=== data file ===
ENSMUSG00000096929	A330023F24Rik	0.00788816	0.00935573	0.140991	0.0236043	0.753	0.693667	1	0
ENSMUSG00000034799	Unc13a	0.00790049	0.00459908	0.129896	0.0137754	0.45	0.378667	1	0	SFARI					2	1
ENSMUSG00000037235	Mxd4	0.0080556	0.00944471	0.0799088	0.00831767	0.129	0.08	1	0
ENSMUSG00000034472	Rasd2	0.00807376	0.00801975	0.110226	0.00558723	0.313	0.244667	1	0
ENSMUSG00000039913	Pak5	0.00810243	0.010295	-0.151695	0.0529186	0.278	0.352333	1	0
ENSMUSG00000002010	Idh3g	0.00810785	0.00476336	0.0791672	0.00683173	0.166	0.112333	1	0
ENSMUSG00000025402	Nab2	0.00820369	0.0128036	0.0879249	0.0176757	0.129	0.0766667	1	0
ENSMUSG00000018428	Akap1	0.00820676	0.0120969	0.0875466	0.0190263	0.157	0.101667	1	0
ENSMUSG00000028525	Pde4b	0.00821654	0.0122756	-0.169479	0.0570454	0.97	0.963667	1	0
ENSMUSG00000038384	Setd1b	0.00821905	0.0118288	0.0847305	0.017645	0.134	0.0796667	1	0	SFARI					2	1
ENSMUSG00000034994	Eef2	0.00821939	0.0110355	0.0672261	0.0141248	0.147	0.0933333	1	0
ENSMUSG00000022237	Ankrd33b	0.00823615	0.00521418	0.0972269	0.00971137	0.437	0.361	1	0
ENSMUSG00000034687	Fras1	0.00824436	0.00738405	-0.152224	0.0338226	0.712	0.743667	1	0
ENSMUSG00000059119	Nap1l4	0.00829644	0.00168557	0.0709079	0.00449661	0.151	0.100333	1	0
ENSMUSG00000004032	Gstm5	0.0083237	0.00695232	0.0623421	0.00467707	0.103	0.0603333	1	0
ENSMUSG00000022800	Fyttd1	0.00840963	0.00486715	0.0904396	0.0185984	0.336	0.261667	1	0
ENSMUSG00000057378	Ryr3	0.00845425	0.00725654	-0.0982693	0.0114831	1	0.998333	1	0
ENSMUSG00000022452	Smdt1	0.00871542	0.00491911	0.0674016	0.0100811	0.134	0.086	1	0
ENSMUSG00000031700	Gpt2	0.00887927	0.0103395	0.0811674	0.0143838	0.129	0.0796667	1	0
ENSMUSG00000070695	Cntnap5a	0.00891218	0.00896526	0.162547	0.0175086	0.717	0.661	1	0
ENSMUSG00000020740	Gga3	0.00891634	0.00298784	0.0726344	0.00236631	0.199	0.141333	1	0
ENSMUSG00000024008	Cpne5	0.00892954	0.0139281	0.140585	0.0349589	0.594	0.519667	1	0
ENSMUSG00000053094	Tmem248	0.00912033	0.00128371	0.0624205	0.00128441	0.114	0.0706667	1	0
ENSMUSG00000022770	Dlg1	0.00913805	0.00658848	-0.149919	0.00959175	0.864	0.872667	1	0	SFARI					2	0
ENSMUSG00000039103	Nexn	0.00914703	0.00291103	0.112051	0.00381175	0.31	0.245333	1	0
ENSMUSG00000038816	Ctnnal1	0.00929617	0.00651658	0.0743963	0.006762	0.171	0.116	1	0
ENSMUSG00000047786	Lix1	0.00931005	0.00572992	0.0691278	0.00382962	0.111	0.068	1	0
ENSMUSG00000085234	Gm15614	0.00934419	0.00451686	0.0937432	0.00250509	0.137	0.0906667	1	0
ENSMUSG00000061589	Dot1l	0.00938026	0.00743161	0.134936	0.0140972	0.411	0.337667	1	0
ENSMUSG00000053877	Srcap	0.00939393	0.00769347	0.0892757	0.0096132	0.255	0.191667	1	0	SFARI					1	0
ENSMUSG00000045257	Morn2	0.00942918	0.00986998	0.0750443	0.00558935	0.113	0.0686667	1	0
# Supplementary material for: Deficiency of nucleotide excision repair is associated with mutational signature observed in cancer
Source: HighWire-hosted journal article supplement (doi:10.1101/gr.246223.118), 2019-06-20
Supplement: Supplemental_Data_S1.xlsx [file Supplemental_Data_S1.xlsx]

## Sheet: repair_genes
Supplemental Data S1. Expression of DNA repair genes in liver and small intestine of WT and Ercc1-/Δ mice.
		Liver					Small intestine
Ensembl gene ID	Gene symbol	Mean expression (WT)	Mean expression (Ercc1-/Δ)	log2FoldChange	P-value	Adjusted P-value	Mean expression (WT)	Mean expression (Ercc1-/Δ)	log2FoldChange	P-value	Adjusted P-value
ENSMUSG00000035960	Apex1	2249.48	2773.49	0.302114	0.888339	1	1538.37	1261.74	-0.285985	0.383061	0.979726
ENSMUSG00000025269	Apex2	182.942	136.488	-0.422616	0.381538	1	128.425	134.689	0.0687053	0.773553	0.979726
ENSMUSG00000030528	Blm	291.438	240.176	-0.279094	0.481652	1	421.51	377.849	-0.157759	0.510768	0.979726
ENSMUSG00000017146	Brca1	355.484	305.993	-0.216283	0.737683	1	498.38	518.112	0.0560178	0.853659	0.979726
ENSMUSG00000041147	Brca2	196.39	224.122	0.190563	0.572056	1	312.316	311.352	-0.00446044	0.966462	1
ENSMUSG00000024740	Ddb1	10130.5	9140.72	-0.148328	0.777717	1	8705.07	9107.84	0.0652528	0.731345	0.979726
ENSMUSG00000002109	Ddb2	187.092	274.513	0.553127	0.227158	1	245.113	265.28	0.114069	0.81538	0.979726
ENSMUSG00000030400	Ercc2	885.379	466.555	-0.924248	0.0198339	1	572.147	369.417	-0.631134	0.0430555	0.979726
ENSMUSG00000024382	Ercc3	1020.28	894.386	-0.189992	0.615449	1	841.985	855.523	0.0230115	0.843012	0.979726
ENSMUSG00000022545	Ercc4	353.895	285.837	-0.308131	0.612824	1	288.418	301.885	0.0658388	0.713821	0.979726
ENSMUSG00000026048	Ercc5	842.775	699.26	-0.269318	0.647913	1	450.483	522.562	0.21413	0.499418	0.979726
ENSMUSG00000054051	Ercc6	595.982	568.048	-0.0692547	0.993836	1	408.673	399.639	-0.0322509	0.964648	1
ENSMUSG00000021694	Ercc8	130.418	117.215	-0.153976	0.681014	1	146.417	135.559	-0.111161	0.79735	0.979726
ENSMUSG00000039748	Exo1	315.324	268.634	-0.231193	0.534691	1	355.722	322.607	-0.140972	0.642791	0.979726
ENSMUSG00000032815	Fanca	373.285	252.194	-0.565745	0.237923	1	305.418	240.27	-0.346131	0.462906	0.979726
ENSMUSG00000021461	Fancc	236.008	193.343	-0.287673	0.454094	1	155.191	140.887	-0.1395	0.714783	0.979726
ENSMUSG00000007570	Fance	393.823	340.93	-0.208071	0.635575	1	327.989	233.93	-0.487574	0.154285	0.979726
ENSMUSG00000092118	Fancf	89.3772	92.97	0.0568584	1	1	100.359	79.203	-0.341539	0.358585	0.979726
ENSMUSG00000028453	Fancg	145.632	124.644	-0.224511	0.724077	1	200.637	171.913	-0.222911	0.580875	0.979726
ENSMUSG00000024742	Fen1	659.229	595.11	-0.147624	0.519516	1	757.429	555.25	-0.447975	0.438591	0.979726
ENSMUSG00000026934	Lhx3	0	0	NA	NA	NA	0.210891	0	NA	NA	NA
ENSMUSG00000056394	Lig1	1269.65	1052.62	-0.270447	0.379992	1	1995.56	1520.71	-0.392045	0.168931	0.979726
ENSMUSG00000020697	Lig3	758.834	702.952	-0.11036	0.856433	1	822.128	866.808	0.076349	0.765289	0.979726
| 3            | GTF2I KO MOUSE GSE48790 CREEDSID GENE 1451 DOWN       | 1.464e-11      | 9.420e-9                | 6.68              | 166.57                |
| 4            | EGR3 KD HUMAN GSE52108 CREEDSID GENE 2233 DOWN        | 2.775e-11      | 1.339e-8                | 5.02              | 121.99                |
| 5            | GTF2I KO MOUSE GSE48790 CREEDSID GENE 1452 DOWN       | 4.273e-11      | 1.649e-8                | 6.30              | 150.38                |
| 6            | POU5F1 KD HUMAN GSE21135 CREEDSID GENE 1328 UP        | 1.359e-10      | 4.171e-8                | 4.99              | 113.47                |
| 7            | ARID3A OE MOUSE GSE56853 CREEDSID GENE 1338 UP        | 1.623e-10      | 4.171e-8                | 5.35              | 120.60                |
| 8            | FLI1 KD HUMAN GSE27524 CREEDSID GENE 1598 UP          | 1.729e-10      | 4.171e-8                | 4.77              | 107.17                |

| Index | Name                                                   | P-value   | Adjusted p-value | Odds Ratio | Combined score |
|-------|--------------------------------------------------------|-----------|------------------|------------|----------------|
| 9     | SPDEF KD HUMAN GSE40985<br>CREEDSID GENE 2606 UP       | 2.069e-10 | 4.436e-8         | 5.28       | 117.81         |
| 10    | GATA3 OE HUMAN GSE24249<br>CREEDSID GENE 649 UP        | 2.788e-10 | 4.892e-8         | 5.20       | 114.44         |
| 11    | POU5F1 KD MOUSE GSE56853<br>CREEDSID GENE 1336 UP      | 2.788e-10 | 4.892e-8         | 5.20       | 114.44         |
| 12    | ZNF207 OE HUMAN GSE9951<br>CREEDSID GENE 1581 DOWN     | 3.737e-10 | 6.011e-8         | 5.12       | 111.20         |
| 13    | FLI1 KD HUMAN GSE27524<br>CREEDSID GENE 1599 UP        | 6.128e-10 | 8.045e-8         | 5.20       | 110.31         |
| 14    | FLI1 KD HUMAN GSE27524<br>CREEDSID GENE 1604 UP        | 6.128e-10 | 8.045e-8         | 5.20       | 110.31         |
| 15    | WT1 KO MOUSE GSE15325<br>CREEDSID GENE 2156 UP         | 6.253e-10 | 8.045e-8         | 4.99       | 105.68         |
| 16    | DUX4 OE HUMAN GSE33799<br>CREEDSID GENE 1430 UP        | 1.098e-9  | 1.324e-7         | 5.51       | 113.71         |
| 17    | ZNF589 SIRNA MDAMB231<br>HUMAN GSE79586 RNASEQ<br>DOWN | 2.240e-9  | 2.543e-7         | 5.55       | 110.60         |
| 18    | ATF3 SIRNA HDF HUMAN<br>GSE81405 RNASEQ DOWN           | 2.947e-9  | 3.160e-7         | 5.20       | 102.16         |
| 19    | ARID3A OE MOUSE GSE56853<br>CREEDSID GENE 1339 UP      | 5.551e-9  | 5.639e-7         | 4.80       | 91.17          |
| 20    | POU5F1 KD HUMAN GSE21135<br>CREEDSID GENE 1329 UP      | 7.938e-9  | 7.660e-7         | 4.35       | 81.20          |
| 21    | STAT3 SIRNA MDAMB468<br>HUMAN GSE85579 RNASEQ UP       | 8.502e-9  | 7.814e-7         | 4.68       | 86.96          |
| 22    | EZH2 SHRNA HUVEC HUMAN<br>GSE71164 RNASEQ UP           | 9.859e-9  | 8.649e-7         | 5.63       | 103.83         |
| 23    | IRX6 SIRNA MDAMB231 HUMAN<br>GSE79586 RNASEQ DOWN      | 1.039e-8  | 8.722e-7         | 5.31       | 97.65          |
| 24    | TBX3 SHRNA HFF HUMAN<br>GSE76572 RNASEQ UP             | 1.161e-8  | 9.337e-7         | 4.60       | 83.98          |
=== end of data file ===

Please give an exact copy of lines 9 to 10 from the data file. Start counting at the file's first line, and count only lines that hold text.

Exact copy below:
ENSMUSG00000028525	Pde4b	0.00821654	0.0122756	-0.169479	0.0570454	0.97	0.963667	1	0
ENSMUSG00000038384	Setd1b	0.00821905	0.0118288	0.0847305	0.017645	0.134	0.0796667	1	0	SFARI					2	1